How do you put it into words?

It is hard to truly put into words my experience over the weekend. Running the NYC Marathon for Team Hole in the Wall has now secured it’s place among the top life-changing experiences that I encountered. I have followed the “goings-on” of this camp for several years now and have been touched by the stories and excited about the mission. I even considered changing my career path completely to apply for a job at Camp Painted Turtle a few years ago. I have never been good at fundraising, so I did not take on this cause lightly. And while my fundraising will never be called spectacular, running for this team has made an incredible impact on me.

This place, this amazing place. This place where children go to escape the day to day elements of their pain and suffering and become regular kids. Where they meet children like them, who truly understand what they are going through. Where they are treated with love, respect, and share laughter, tears, and if not physical healing, at least a sense of mental healing from their anguish. The amazing support the families receive, both during camp and in the months and years that follow. This place, this amazing place.

And I, but for a brief few hours, became a part of this amazing place. I became one with the people who spend their life’s work with these children. These incredible individuals whose passion and dedication is evident in everything they do. They are mission focused, love and laughter, to help kids with serious illness. I can think of no better purpose than this….

The Hole in the Wall Gang Executive Director, Jimmy Canton, shared his favorite quote with our team:

“This is the true joy in life … being used for a purpose recognized by yourself as a mighty one … being a force of Nature instead of a feverish selfish little clod of ailments and grievances complaining that the world will not devote itself to making you happy … I am of the opinion that my life belongs to the whole community and as long as I live it is my privilege to do for it whatever I can. I want to be thoroughly used up when I die. For the harder I work the more I live. I rejoice in life for its own sake. Life is no brief candle to me. It’s a sort of splendid torch which I’ve got to hold up for the moment and I want to make it burn as brightly as possible before handing on to future generations.”–George Bernard Shaw

This quote stuck with me through every mile of the marathon. For in every small twinge of pain, for in every moment of mental cloudiness, I returned my thoughts to camp. I kept my mind focused on the child whom we “met” through the camp DVD. This child, whose life was changed so profoundly by HITWGC that when he passed away, he declared it, “passing through the hole in the wall.” It is this image that I cannot, even two days later, remove from my mind. This child, who found joy and peace through a week at camp, and support and love as he passed through the hole in the wall to his death. How can one not be changed forever by this image?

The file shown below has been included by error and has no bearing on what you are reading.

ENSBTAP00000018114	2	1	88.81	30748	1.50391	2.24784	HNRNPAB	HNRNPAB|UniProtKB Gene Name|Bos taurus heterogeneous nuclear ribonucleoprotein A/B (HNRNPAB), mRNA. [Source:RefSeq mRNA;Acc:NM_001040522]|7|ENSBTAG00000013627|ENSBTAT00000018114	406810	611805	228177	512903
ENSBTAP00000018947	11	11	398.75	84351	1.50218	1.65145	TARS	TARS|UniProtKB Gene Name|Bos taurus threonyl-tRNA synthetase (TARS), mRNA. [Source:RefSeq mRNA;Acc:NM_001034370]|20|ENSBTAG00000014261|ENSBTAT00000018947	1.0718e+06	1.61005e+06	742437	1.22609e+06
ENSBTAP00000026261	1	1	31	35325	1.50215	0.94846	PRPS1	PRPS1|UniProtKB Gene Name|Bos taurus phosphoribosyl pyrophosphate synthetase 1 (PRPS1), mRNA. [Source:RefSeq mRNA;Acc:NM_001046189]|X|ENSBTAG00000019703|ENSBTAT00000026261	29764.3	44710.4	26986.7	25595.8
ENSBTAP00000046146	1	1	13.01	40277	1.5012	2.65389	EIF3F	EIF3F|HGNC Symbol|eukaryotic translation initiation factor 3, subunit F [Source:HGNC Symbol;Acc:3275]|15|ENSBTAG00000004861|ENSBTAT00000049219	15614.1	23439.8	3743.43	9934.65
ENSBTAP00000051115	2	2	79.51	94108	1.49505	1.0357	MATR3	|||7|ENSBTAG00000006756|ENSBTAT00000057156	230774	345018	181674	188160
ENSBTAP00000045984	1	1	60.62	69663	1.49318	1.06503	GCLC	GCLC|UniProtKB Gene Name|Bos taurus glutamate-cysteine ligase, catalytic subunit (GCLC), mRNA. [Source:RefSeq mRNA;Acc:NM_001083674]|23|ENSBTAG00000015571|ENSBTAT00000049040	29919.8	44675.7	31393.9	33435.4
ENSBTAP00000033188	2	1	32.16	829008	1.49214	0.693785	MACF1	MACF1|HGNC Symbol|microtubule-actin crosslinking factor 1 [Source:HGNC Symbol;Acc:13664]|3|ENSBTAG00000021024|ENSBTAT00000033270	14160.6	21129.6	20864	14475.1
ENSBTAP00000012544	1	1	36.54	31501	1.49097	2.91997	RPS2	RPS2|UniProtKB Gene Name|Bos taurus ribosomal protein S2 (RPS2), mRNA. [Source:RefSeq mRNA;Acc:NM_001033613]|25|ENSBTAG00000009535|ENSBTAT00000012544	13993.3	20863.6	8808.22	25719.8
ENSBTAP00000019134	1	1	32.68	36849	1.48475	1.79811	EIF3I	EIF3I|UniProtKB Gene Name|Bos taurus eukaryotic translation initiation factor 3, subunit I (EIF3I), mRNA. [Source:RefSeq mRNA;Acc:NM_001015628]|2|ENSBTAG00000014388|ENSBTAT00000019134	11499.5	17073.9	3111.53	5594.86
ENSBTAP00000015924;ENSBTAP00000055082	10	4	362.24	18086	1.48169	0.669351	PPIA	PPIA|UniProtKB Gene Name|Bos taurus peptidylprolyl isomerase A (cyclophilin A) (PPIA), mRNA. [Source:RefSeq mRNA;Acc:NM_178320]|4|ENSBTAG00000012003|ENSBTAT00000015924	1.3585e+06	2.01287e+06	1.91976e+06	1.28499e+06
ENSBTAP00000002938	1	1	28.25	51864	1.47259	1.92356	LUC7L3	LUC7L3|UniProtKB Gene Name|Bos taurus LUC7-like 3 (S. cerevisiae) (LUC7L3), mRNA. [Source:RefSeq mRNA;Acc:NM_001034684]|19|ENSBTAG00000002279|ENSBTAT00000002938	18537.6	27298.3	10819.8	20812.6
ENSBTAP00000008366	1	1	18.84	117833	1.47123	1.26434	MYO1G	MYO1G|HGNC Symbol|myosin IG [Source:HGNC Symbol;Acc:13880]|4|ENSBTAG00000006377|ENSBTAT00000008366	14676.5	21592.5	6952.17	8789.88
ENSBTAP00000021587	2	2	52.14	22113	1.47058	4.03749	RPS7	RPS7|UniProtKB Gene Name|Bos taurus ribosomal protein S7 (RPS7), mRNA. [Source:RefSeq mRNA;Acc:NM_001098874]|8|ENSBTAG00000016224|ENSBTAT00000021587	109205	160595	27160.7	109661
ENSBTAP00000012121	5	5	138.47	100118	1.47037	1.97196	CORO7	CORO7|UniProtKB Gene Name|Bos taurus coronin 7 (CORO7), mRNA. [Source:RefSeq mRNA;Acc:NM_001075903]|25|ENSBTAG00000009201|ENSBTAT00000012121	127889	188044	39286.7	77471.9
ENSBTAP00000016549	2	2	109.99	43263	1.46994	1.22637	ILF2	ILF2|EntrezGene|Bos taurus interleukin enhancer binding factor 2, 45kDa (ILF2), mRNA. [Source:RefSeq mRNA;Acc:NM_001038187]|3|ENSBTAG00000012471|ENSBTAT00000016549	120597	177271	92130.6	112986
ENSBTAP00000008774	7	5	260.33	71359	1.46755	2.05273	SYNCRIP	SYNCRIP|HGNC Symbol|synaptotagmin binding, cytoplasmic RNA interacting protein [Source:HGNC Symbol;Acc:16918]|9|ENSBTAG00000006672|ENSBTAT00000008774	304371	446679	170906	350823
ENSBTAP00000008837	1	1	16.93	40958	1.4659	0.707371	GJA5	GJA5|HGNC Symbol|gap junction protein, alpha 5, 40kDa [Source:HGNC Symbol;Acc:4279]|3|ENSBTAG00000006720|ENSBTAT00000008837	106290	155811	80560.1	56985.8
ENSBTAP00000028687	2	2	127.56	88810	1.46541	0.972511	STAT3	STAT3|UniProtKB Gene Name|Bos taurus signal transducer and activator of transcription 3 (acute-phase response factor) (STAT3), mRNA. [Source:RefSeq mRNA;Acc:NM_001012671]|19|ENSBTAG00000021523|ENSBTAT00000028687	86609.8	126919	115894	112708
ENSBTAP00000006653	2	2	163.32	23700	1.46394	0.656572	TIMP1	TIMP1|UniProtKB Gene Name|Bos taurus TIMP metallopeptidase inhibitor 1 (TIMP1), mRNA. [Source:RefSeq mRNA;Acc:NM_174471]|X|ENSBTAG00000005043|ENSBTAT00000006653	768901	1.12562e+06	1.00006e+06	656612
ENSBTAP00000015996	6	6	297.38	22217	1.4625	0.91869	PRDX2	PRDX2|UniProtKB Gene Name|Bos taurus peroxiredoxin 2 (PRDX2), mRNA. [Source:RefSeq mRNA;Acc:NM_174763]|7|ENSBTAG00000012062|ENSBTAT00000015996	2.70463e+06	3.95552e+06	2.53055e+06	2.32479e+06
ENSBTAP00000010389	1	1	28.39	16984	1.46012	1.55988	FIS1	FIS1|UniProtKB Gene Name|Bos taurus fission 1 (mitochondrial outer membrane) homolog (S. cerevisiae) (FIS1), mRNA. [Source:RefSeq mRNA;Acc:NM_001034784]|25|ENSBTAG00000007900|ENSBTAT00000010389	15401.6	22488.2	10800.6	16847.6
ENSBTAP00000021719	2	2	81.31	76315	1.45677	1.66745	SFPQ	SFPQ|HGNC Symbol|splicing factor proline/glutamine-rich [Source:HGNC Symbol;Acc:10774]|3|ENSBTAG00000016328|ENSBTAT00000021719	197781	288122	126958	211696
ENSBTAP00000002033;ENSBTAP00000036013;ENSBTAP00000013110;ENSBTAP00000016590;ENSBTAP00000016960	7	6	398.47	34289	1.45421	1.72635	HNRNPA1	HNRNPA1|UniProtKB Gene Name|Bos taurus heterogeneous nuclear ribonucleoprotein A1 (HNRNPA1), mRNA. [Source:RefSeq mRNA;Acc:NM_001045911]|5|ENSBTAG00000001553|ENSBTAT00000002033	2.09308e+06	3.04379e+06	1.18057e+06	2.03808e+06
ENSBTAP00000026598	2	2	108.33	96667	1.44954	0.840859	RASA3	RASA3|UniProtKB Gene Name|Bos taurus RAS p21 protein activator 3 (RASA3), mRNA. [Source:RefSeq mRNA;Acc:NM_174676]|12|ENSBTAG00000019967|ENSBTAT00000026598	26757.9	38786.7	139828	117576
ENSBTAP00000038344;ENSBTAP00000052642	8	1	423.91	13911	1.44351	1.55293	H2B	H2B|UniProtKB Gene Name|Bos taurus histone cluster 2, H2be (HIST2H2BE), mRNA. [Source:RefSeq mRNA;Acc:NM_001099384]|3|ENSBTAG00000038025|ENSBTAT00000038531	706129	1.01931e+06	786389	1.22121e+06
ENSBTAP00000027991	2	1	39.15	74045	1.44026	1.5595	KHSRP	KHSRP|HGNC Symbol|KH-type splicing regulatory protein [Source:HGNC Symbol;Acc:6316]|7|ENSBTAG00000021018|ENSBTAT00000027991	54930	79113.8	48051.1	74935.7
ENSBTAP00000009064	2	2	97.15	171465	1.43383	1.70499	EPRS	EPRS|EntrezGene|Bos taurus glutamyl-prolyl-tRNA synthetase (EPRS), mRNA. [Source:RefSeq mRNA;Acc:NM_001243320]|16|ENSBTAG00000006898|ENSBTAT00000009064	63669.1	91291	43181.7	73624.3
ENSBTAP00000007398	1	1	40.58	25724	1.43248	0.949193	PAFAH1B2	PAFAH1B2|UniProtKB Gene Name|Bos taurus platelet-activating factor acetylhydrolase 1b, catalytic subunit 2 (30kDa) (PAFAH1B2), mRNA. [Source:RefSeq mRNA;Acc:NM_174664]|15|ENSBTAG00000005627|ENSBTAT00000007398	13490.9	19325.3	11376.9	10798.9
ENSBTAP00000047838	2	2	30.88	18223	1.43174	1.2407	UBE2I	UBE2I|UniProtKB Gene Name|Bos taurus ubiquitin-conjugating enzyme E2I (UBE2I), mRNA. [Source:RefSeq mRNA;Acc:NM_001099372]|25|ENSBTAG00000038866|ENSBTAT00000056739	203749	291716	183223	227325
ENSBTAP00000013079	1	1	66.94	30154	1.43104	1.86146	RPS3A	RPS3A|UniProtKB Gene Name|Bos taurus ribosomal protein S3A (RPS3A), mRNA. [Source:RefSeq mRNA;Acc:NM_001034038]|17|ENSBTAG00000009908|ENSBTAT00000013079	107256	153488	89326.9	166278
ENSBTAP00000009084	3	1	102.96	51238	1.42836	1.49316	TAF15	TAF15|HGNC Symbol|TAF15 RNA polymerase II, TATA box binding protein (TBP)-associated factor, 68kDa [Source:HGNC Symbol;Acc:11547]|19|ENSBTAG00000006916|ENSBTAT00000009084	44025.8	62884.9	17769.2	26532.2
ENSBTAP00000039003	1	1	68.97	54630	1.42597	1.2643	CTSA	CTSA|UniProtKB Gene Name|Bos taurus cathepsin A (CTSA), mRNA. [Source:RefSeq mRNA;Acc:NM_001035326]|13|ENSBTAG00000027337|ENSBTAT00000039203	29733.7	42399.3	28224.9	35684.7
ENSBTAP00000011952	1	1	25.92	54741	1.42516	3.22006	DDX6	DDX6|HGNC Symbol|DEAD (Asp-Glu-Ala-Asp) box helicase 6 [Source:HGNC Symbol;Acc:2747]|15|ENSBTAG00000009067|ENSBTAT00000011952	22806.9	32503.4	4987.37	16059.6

In a moment of star-struck awe we listened as Mr. Newman spoke to us and gave us the encouragement to “raise hell”. For that was his goal when he founded the camp 20 years ago, to build a place where children could laugh and raise a little hell. For all children deserve these opportunities regardless of their health. A child on the inside is joyous, brilliant, beautiful, strong, resilient, and hopeful no matter what the body is doing to take away that joy. Camp allows these children to be all of the things they are and should be able to be. What the body takes away, camp gives back.

Usually after a marathon, I pick apart the mile splits and discuss how I felt at what mile and how I could have changed this or that. I usually beat myself up for a slow time or for not pushing hard enough. But this is not like that. Running this race, running in this town, running for these children was the best, most exhilerating marathon I have ever run and I will not soon, nor perhaps ever, be able to replicate an experience such as this. The race course was certainly not easy but with millions of fans shouting my name and with each shout, I remembered that name was written above the name of my TEAM. Every time someone passed me, they were able to see the names of the generous benefactors that helped me support the cause of a child. They are the true heroes, for I simply had to run a marathon, they had to part with their material worth to help a child with serious illness.

I hope that I can continue to be an ambassador for this camp, for these children. I have felt as though a new mission has been created within me. That somewhere God has stirred my heart to take strong look at my ability to advocate for these children, to be a part of this camp in a greater way. Perhaps, it is residual glow from the experience of this race and these amazing people. Perhaps, it is exhaustion that has yet to be refreshed manifesting itself into a desire to be something different. Perhaps it is the still, small voice calling through the hole in the wall. Regardless of its origin, I can only hope that as the days away from this experience grow longer, that I will not soon forget its impact, nor ever forget these kids.

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